Community Across Cells

The two following poems are some of the first to be chosen for the Volume 23 of the  Prisoner Express Poetry Anthology.  Jointly they expose the painfully obvious and the obscured realities of what living life—for whatever amount of time—between the walls of a cell are like. Thank you to all who have contributed to this program, it means just as much of the world to us on the outside as it does for those incarcerated individuals,  on the producing end of our blog and other published content. Your words are invaluable. Please continue to reveal the truths you come to terms with in your writing and other projects. We here at Alternatives Library and Cornell University love to see it!

David Hehn’s “Safety Valve” brings to surface the relief he finds in expressing himself through poetry. As many of you may know, expression does not come so easily. David, here, candidly faces this challenge and what he expresses is perhaps even more winsome than the ease in which it seems to have come to him: how poetry is the “safety valve” he gets to control when letting out his inner “clutter”:

“Safety Valve” By David Hehn

Too lazy to write a poem

I don’t want to think

I just want to project

To rid myself of the clutter in my mind now

I don’t know what is there now I am writing blind

Without purpose, without intent, diligent in going no where

Hearing one’s voice hoping that if you let yourself go you won’t scream

Letting off steam and whatever else is up in there

No this will not be remembered as some of my finest work but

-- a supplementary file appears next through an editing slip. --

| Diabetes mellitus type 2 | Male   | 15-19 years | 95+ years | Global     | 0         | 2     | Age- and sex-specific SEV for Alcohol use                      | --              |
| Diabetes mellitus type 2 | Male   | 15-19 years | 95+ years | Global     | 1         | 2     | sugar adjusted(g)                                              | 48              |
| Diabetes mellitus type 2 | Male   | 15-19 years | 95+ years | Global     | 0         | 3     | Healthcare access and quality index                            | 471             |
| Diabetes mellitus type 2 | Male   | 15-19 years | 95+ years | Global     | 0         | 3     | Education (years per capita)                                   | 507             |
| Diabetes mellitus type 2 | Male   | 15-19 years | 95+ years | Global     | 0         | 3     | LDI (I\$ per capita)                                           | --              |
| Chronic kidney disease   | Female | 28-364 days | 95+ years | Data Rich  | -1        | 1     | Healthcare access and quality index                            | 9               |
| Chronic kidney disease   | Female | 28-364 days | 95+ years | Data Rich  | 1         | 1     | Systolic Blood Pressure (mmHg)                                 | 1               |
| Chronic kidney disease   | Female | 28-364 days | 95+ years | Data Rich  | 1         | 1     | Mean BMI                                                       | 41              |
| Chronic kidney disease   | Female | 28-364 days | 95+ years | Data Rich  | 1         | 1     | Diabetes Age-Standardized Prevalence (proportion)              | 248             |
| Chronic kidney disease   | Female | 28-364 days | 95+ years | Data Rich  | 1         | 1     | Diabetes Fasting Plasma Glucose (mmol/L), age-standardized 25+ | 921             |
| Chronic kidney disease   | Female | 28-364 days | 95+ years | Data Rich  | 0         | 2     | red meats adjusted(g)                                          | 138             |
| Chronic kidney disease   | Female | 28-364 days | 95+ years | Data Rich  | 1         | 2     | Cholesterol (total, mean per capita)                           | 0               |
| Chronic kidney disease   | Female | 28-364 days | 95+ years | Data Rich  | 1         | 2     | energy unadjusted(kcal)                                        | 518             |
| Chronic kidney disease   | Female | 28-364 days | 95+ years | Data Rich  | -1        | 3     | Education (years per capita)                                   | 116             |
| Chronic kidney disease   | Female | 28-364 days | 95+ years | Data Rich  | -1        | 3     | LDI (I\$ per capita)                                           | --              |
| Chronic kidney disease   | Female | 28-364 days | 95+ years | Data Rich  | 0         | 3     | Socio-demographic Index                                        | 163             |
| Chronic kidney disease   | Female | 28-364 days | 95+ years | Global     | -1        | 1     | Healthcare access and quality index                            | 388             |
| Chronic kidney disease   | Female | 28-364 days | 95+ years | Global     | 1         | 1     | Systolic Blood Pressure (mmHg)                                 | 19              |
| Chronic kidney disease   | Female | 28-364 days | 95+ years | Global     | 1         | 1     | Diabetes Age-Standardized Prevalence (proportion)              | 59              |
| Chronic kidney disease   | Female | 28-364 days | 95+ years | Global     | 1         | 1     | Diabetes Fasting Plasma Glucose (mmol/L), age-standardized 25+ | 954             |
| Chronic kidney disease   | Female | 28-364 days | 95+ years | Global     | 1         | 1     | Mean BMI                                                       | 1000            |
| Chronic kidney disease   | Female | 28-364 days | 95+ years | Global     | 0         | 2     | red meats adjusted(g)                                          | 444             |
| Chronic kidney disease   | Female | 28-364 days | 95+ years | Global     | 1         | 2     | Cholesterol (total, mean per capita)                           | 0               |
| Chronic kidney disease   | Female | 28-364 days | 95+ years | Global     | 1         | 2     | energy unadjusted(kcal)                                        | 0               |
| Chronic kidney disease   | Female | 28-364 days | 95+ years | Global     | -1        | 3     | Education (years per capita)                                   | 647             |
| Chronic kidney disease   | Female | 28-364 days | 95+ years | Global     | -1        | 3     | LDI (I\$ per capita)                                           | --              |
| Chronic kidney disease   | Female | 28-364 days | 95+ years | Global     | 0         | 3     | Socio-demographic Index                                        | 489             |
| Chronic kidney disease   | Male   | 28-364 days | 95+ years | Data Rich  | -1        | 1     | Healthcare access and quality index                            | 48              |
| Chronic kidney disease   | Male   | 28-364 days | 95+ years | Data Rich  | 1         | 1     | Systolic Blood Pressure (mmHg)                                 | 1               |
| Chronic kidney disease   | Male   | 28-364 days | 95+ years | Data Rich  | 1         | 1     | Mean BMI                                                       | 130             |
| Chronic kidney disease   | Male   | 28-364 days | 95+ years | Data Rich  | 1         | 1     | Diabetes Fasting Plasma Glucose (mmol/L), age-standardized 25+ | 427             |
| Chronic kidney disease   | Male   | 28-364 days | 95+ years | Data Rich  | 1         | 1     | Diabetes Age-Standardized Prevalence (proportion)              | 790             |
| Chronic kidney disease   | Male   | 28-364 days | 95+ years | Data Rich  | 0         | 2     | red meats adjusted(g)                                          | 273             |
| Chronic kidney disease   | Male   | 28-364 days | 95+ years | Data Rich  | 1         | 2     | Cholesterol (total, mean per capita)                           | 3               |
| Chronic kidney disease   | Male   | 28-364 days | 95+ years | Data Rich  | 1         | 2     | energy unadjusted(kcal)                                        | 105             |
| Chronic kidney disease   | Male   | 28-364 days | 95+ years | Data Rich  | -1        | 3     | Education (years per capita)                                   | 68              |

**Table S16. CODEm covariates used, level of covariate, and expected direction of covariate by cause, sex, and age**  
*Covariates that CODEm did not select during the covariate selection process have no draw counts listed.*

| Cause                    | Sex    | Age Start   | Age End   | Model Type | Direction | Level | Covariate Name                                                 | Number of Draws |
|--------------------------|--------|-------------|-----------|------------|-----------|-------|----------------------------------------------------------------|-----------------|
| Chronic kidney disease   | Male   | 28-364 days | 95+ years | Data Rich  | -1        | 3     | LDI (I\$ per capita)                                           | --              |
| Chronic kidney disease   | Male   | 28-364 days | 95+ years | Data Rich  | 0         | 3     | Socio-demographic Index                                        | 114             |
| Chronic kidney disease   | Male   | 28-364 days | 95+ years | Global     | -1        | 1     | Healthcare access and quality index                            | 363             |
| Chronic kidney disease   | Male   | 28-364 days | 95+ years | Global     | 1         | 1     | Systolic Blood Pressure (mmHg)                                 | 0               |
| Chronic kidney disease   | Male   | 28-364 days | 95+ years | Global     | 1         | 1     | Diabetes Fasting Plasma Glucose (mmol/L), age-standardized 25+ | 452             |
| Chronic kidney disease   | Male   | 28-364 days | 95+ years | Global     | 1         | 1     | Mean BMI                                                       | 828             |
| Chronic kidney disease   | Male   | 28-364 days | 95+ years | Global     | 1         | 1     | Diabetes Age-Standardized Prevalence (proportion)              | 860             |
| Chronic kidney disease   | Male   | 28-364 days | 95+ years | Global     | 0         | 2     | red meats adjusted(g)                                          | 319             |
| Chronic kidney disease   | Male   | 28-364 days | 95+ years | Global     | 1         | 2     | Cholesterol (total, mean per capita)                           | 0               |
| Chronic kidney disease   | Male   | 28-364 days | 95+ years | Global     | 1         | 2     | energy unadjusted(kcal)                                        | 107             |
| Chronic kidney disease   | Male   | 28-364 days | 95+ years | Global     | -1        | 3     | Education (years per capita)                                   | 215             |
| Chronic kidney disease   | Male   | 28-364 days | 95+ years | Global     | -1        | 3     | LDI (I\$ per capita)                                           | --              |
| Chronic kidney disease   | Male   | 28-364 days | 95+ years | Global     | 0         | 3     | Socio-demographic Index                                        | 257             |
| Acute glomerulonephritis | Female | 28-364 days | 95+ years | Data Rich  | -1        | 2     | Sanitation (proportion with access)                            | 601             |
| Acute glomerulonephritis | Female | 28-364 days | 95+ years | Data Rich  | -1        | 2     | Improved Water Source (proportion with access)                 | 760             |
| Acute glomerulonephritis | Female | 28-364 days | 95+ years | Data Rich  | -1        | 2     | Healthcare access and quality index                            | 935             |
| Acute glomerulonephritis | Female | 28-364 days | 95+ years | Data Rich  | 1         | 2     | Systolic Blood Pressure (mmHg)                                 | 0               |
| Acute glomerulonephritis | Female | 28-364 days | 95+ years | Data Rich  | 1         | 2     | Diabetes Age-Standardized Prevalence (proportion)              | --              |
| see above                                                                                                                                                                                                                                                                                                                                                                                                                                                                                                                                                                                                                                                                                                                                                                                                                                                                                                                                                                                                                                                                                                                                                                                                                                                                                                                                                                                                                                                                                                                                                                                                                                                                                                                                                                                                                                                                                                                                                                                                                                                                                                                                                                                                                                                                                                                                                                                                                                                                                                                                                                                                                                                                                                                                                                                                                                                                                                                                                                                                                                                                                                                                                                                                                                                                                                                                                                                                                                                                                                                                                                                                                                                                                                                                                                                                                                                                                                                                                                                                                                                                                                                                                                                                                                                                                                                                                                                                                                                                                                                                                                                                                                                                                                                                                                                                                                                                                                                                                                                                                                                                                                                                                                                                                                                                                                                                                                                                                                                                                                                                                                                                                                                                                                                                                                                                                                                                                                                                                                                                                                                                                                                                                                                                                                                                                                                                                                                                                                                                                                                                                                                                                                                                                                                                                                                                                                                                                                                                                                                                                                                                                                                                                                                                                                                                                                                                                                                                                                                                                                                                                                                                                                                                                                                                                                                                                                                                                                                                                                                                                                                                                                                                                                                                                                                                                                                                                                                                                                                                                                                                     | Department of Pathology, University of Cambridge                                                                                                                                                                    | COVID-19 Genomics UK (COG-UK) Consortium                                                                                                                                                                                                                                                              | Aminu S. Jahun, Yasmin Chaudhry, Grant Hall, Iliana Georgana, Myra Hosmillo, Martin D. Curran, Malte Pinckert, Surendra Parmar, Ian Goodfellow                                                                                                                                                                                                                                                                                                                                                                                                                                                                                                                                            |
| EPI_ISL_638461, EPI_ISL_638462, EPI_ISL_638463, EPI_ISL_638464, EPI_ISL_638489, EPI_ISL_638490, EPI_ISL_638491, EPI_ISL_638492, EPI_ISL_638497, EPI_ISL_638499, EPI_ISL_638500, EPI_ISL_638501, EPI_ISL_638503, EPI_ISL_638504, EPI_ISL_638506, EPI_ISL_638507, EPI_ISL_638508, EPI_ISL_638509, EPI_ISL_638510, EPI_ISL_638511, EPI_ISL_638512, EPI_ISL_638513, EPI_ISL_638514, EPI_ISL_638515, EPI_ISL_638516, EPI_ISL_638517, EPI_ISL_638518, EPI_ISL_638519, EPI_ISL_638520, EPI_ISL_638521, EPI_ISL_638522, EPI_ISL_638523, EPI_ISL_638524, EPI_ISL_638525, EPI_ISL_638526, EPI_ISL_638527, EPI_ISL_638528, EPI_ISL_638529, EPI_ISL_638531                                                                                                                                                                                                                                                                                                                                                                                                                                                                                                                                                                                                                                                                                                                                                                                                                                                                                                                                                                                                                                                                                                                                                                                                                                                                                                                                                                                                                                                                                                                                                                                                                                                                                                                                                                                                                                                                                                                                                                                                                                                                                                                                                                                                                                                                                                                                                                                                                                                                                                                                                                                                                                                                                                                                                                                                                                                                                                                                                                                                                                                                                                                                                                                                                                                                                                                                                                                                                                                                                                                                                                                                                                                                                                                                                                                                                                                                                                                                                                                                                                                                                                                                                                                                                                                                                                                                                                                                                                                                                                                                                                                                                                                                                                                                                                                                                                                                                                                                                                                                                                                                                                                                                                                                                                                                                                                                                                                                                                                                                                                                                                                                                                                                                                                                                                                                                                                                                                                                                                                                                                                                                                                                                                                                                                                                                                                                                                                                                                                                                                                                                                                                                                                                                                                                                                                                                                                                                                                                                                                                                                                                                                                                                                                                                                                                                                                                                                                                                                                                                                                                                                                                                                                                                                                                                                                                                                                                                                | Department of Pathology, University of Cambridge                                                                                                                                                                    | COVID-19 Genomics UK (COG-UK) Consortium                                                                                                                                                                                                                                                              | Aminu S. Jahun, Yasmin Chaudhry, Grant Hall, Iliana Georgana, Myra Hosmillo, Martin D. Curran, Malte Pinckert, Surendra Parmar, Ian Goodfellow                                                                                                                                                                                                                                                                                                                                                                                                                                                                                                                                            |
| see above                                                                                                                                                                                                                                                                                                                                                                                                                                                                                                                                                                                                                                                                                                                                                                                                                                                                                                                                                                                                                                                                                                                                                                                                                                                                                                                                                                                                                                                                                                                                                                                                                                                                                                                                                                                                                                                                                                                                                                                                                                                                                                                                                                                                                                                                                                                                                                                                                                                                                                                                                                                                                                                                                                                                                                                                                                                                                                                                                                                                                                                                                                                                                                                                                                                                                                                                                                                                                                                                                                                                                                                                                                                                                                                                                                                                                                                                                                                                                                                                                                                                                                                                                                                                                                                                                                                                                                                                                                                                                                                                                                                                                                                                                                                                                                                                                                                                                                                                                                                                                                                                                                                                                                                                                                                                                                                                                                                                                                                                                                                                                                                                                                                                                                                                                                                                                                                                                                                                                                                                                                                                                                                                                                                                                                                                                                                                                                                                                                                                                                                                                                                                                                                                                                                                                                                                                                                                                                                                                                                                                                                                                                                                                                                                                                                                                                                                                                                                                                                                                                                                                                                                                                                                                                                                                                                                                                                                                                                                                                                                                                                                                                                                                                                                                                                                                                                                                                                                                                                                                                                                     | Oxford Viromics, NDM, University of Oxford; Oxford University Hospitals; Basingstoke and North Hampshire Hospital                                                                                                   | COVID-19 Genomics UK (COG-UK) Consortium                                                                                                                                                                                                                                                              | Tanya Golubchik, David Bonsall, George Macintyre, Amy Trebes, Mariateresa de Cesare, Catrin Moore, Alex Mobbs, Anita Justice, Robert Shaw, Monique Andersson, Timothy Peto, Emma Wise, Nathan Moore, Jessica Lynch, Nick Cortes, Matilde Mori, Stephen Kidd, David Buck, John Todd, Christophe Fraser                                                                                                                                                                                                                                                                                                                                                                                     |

it did me a mountain of good to just write

Imagine being stuck in middle school. Fun right? Imagine being stuck in detention, but instead of grumpy teachers with meter sticks, you have to put up with armed guards that may or may not have it out for you and much (or in some cases, much better) cafeteria food. What do you do to blow off steam? What can you do? While simply writing poetry lifts mountains of weight of the chests of some individuals, doing so also serves as an outlet for sharing critical reflection:

“Blue Birds” and Barbed Wire By Nate High

    The world called her ugly, but all I saw was her beauty.

When I was angry and on the edge, she was the only thing that could soothe me,

    She would send me pictures, and I would just stare,

I knew that it was dangerous to fall in love, but I didn’t care.

    I called her Aphrodite, she was a goddess on her own,

her letters were my weakness, but still she kept me strong.

    Like every woman I’ve ever loved, her time came and went,

So I boxed up her letters and all the pictures she had ever sent.

    I remembered her being beautiful, but no one else does,

She’s the one who taught me how to see thru goggles of love.

    Our relationship taught me the importance of perception,

and that was beneficial when my happiness was in a recession.

    When the darkness creeps in, I see thru goggles of pain,

I only see the dirt, the trash, the blood stains.

    I only hear the silence, I lose the sound of laughter,

I’m surrounded by violence and nothing else matters.

    We all wear our goggles, some only see the flames in the fire,

I used to only see the fences, but now I see the blue birds dancing on the barbed wire

In Blue Birds and Barbed Wire, by Nate High, the power or perspective becomes apparent. In just two poems, two brilliant mindsets are shared by individuals who are incarcerated. Maybe for the intent of letting off some steam, or writing simply to write. The point is—in submitting poems , there is potential for real learning to happen across cells not just in the same prison, or state even, but across the country! Please keep nurturing your souls where you can and continue to submit what work you would like shared.



Tavo Editor Prisoner Express Poetry Anthology Vol 23